EMPLOYEES who are empowered by their bosses – by being given independence and the responsibility to self-manage – are more likely to thrive at work.

That is among the key findings of a Curtin University researcher, published in the Journal of Organisational Behaviour. The research concluded that empowering leadership enhanced work performance, creativity and a willingness to take on extra roles outside of normal duties, at both the individual and team levels. 

Co-author of the report, Amy Tian, from the School of Management at Curtin Business School, said it was important to analyse the concept of empowering leadership given it was increasingly being used by organisations.

“Increasing competition in the business landscape, economical shifts, and technological developments have brought with them changes in organisational structures and the nature of work,” Dr Tian said.

“Alongside efforts to maximise efficiency, many employers are flattening their hierarchies and therefore expanding the responsibilities of lower-level employees and the complexity of their work roles.

“The concept of empowering leadership, a popular concept in business philosophy, is particularly relevant to such situations given its focus on promoting self-management and offering employees a greater sense of power in their workplace.

“This research confirms that employees thrive when they are working with leaders who are willing to share information with them, delegate authority to them, and promote their self‐directed and autonomous decision-making.”

Dr Tian said empowering leadership resulted in a positive influence on employees’ sense of trust in their leaders, psychological empowerment and leader-employee relationship quality, which therefore enhanced the employee’s work performance, creativity and organisational citizenship behaviour, or their willingness to engage in extra-role behaviour at work.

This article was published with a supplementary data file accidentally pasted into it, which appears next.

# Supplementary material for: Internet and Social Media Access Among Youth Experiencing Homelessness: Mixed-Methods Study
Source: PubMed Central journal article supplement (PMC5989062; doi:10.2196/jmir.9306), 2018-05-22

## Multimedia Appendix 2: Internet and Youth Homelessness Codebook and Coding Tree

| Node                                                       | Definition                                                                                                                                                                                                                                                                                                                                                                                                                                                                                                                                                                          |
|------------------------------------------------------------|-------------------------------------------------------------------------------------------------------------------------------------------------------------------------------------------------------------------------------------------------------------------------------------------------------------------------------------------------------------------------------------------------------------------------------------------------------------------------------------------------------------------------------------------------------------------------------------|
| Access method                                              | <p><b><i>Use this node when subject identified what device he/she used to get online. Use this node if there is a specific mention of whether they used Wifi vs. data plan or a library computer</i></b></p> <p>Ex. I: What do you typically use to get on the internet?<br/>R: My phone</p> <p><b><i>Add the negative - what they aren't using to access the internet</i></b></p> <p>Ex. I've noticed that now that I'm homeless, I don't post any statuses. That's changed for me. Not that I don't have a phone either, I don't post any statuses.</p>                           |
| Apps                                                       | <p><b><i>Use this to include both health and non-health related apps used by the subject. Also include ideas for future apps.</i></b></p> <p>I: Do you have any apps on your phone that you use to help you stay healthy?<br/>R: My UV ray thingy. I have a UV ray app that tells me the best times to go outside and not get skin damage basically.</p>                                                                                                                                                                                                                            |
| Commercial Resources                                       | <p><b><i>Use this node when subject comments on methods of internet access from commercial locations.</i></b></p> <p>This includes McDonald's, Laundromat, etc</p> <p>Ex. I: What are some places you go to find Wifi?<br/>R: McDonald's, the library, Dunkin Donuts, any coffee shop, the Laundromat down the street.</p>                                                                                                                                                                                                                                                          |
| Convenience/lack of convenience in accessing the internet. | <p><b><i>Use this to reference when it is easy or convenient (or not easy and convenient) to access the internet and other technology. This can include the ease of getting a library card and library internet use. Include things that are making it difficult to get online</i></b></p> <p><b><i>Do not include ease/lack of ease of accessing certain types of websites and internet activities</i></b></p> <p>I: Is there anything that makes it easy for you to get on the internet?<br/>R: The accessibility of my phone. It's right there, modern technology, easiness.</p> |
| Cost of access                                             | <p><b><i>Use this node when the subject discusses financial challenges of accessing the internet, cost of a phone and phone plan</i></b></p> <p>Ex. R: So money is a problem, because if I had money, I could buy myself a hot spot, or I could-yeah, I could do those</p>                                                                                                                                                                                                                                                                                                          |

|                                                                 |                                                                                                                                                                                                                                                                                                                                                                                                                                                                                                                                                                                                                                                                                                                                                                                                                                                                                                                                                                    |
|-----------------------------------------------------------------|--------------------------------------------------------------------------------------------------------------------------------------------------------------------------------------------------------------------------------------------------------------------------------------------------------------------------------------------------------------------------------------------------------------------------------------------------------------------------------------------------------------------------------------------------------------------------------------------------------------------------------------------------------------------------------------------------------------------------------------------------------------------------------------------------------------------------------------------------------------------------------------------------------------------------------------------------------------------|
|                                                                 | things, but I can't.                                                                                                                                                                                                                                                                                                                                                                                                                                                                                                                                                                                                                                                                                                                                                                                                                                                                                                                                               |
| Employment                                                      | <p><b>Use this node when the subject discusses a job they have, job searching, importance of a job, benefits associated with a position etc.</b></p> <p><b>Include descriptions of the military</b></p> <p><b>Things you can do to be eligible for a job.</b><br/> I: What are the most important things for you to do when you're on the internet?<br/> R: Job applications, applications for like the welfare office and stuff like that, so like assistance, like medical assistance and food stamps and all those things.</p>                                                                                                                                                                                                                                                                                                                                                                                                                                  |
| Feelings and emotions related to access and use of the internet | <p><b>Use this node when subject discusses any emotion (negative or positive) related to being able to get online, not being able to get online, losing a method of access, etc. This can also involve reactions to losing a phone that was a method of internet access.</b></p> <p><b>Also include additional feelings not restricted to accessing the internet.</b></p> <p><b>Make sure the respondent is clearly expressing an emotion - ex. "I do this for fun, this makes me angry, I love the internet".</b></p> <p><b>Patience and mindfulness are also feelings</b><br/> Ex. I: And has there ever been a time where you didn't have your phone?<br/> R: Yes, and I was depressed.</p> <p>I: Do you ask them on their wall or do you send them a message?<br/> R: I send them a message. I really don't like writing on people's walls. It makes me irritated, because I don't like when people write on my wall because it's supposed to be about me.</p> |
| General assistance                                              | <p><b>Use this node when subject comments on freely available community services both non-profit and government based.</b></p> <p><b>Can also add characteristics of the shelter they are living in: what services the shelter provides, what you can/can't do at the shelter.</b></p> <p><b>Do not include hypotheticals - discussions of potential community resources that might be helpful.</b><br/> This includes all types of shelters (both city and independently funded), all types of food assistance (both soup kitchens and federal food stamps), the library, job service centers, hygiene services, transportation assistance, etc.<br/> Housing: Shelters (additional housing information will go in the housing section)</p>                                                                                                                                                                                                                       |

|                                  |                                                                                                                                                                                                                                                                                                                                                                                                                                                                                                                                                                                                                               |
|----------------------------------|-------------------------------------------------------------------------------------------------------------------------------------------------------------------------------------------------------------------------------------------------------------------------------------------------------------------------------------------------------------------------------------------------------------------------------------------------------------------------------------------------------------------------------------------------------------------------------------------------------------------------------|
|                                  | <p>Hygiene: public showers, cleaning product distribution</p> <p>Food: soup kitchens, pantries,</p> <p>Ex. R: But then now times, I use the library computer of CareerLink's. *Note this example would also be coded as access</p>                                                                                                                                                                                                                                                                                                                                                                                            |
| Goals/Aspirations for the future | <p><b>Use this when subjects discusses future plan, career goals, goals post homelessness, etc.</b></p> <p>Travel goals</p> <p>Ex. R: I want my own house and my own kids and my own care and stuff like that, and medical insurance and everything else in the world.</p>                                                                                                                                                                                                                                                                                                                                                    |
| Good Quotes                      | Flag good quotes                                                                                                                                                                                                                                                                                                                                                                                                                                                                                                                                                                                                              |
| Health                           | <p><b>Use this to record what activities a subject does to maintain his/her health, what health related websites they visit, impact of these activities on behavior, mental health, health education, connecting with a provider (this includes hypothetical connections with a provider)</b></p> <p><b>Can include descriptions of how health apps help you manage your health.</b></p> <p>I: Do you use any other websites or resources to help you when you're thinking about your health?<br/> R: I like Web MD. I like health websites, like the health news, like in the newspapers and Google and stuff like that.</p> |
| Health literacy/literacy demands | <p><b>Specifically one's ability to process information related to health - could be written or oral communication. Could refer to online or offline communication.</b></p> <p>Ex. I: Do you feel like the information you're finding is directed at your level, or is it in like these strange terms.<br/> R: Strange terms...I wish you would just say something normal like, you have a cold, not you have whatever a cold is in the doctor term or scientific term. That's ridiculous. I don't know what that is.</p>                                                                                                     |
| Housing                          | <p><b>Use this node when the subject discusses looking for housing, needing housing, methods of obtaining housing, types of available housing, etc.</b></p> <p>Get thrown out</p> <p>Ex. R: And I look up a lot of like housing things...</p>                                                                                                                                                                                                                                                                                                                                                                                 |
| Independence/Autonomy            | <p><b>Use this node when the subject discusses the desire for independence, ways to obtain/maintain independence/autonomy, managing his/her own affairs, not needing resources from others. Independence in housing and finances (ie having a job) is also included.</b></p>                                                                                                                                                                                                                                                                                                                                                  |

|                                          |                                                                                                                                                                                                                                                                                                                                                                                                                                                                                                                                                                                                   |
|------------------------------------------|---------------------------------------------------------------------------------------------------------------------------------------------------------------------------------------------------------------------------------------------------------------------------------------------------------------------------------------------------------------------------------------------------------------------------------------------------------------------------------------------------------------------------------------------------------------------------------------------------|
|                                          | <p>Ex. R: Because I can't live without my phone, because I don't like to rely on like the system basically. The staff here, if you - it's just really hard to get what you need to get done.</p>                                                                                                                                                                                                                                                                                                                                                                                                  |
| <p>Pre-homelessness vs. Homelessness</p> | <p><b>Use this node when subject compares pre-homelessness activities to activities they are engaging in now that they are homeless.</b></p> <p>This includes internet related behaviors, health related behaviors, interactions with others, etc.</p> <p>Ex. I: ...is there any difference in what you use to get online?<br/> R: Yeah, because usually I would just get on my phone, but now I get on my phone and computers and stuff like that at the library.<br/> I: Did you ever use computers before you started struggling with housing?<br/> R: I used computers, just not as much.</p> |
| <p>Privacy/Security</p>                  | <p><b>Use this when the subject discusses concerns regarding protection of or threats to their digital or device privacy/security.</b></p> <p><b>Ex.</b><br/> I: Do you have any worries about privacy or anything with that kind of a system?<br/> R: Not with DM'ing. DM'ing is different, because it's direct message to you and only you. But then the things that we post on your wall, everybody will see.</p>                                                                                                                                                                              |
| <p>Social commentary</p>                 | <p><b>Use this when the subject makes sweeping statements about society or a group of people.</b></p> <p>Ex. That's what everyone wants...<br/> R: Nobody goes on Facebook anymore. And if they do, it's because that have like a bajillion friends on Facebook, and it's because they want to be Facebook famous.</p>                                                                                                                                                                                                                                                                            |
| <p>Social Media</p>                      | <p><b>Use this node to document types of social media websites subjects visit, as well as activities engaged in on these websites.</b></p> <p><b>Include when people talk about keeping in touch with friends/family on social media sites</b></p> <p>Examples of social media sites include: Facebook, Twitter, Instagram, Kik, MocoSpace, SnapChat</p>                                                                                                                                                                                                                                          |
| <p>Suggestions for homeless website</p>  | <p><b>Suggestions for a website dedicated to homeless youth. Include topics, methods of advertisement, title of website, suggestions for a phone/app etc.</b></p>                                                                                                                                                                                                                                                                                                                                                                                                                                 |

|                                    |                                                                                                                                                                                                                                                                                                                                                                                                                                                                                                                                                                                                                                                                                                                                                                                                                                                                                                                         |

“These findings have important theoretical and practical implications for workplaces all over the world as they grapple with how to maximise their performance in the changing nature of their organisations,” Dr Tian said. 

The research, which involved the analysis of data from 89 publications and 105 independent samples, was also carried out by Dr Allan Lee from the University of Exeter and Dr Sara Willis from The University of Manchester in the UK. 

The Empowering leadership: A meta-analytic examination of incremental contribution, mediation, and moderation’ is available at www.curtin.edu.au


By John Karagounis >>

LONELINESS was one of the first things I noticed when I started working closely with CEOs a decade ago, right at the height of the global financial crisis (GFC). Not my loneliness, but theirs.

Many were feeling the intense pressure that was coming to bear on the corporate world at that time. These highly intelligent and competent people, who seemingly had it all, were feeling emotionally isolated. 

Many confided in me that they felt they had no one to talk to, no one who could relate to them. 

It was an exceptional time because the GFC put an incredible amount of pressure on everyone in corporate management, especially chief executives.